No pulse, no heartbeat. If condition does not change, this man is dead.
This is Neil Simon’s attempt to do a Mel Brooks number of the genre of detective fiction and it’s probably for the best that he tackle it, because I think that the director of Blazing Saddles and High Anxiety would have wielded too blunt an instrument to make it work. Even with Simon’s slightly more sophisticated touch, Murder by Death is comedy in broad strokes, but even if you’re not a fan of murder mysteries, enough jokes score to make it a diverting 90 minutes.
The bloom of whimsy is off the Hogwarts rose as things get all dark and serious. Harry Potter (Daniel Radcliffe) has several problems to contend with. Dementors are chasing him. The Ministry of Wizards wants him expelled. Hogwarts has been taken over by Delores Umbridge (Imelda Staunton), a perky Torquemada in lavender. Hermione (Emma Watson) is now taller than him and Lord Valdemort is raising an army again.
Probably by design, this Potter movie lacks some of the charm of the previous films, as its themes and situation are considerably darker and more threatening. Harry seems to spend most of the story out of step with the rest of the cast and Radcliffe is up to the task of making us feel his vulnerability and isolation.
This chapter hasn’t been as well reviewed by others as the previous ones, although it is definitely superior to the first two. I think the lukewarm reception comes from those unfamiliar with the Potter mythos and not expecting the darker turns in the story, as well as those who have memorized the books and take umbrage with the filmmakers daring to condense the story down to a manageable cinematic length. Given the number of balls that author J. K. Rowling has given director David Yates to keep in the air, he’s done about as good a job as anyone could have in bringing the story to the screen.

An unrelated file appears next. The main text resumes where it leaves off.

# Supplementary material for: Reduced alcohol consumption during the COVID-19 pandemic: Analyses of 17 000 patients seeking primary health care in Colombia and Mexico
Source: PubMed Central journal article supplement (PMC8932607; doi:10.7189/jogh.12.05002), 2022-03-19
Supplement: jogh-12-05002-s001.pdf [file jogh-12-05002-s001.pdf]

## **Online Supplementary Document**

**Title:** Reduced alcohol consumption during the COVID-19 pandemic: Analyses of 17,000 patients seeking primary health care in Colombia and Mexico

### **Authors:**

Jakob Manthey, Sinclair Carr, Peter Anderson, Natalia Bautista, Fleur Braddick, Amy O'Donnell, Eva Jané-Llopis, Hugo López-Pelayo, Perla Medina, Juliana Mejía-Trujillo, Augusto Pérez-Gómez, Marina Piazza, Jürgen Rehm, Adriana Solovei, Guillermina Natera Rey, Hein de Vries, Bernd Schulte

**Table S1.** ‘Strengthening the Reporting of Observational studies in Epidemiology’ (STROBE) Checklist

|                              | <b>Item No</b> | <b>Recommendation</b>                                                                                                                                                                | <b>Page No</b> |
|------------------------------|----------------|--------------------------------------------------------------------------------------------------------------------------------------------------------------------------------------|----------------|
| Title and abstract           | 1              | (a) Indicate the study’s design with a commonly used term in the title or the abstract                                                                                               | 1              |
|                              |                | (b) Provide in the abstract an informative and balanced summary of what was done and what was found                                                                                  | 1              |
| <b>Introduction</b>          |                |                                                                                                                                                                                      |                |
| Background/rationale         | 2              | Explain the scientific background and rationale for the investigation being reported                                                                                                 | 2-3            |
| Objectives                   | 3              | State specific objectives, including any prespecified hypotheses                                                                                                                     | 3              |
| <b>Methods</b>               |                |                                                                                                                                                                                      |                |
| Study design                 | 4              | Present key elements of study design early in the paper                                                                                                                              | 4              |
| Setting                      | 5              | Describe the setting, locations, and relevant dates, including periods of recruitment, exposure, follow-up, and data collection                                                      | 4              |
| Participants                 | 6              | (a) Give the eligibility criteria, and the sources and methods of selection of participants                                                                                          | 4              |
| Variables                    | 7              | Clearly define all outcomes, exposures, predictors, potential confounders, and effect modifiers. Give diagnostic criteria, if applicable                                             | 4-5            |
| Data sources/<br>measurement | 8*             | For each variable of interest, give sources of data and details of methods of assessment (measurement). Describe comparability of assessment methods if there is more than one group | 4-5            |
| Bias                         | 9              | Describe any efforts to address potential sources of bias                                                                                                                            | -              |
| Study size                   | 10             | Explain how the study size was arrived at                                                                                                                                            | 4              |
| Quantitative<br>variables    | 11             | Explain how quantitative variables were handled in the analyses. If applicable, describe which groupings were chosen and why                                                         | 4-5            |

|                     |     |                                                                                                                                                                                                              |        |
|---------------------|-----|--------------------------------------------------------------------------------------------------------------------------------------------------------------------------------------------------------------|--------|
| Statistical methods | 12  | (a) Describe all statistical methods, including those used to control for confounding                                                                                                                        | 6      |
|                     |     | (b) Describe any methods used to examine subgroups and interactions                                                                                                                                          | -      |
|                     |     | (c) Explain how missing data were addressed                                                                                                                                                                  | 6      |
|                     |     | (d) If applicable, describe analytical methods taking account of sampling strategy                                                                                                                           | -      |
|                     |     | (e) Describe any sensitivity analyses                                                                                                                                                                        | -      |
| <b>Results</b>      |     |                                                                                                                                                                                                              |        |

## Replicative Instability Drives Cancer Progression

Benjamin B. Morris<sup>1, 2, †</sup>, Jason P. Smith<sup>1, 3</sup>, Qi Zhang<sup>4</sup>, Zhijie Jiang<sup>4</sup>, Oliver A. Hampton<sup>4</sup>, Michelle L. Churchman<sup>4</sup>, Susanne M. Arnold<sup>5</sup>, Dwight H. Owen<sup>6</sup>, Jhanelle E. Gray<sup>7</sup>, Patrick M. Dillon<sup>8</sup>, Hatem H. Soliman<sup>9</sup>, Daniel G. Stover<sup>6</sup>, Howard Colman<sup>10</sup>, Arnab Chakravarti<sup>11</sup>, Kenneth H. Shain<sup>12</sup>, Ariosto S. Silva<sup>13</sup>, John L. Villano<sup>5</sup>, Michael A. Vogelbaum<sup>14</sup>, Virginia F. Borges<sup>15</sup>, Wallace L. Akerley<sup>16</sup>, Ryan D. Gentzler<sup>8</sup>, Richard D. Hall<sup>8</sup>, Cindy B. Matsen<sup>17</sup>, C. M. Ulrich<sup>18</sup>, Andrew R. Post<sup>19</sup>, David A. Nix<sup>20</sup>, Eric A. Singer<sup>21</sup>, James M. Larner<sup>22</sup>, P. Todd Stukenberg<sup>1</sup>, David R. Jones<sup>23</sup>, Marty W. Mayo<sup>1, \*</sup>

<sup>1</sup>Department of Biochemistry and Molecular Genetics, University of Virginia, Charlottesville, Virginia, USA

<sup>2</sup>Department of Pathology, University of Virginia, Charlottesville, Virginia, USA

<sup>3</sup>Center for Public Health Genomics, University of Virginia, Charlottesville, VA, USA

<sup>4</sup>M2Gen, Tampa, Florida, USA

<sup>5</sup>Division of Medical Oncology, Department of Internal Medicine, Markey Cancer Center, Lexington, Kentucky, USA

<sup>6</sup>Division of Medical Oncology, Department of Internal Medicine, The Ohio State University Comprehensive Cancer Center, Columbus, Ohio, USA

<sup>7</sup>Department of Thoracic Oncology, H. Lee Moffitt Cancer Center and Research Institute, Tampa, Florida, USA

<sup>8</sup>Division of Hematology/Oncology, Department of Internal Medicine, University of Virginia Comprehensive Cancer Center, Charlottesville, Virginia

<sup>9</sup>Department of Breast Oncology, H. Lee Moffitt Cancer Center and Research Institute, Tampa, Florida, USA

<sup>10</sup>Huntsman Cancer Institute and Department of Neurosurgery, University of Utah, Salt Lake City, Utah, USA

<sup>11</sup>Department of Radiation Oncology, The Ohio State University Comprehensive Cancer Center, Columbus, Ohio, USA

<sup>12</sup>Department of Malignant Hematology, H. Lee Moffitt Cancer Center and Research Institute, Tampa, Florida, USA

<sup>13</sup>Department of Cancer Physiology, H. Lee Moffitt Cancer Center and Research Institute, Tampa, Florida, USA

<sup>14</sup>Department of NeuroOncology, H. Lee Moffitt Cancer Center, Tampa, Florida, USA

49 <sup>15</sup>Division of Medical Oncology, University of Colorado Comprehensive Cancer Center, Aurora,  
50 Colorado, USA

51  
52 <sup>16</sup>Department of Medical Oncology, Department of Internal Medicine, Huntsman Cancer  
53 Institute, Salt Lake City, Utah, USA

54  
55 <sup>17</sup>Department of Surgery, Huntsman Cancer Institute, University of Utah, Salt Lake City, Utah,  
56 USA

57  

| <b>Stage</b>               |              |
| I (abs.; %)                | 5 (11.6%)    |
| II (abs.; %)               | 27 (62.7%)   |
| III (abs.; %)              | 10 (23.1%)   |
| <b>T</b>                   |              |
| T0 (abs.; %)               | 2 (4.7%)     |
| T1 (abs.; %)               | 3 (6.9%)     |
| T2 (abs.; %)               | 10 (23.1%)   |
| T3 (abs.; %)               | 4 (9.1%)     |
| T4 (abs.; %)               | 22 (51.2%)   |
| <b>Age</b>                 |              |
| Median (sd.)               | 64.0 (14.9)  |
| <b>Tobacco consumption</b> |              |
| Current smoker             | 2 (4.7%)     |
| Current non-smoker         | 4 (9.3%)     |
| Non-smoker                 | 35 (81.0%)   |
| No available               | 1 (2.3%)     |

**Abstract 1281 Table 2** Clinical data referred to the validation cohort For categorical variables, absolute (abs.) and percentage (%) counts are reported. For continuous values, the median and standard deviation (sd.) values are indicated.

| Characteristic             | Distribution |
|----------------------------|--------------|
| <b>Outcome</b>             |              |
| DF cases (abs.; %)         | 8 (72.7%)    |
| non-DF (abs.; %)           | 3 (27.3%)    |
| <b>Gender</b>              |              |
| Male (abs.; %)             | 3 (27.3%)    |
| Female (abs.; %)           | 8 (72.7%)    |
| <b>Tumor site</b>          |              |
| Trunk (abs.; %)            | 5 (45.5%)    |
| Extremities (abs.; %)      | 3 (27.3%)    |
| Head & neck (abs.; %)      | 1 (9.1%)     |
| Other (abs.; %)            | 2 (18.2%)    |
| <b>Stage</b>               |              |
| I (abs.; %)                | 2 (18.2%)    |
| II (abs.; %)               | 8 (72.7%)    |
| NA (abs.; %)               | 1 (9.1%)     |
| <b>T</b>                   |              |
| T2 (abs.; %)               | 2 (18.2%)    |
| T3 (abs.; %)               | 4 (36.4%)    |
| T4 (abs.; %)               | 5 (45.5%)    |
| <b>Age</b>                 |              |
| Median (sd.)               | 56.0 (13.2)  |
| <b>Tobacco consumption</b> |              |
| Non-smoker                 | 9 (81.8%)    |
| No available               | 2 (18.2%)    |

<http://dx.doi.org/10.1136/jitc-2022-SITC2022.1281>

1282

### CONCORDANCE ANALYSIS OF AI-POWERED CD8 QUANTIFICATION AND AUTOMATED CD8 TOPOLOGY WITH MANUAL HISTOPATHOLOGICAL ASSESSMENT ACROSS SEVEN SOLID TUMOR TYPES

The Harry Potter films have been, on the whole, getting progressively better with each installment. The first step was ditching the more commercially-minded American director Chris Columbus in favor of two filmmakers whose work you would not normally associate with these fantastic elements. For this fourth chapter, they chose British director Mike Newell, probably best known for the violent mob drama Donnie Brasco.
Harry Potter and the Prisoner of Azkaban (hereafter called Azkaban) is the first Harry Potter film not directed by Home Alone helmer Chris Columbus. This time out Alfonso Cuarón called the shots, fresh off the beyond-R-Rated Y tu mamá también. He may seem like an odd choice to film a “veddy-British” and family-friendly PG-rated movie like this, until you recall that he also helmed the G-Rated A Little Princess.
Azkaban clearly has a much differently sensibility from the warmer, more friendly tone of the first two HP films. There is a more foreboding tone that suggest that Cuarón had a better handle on the darker elements of J.K. Rowling’s novels.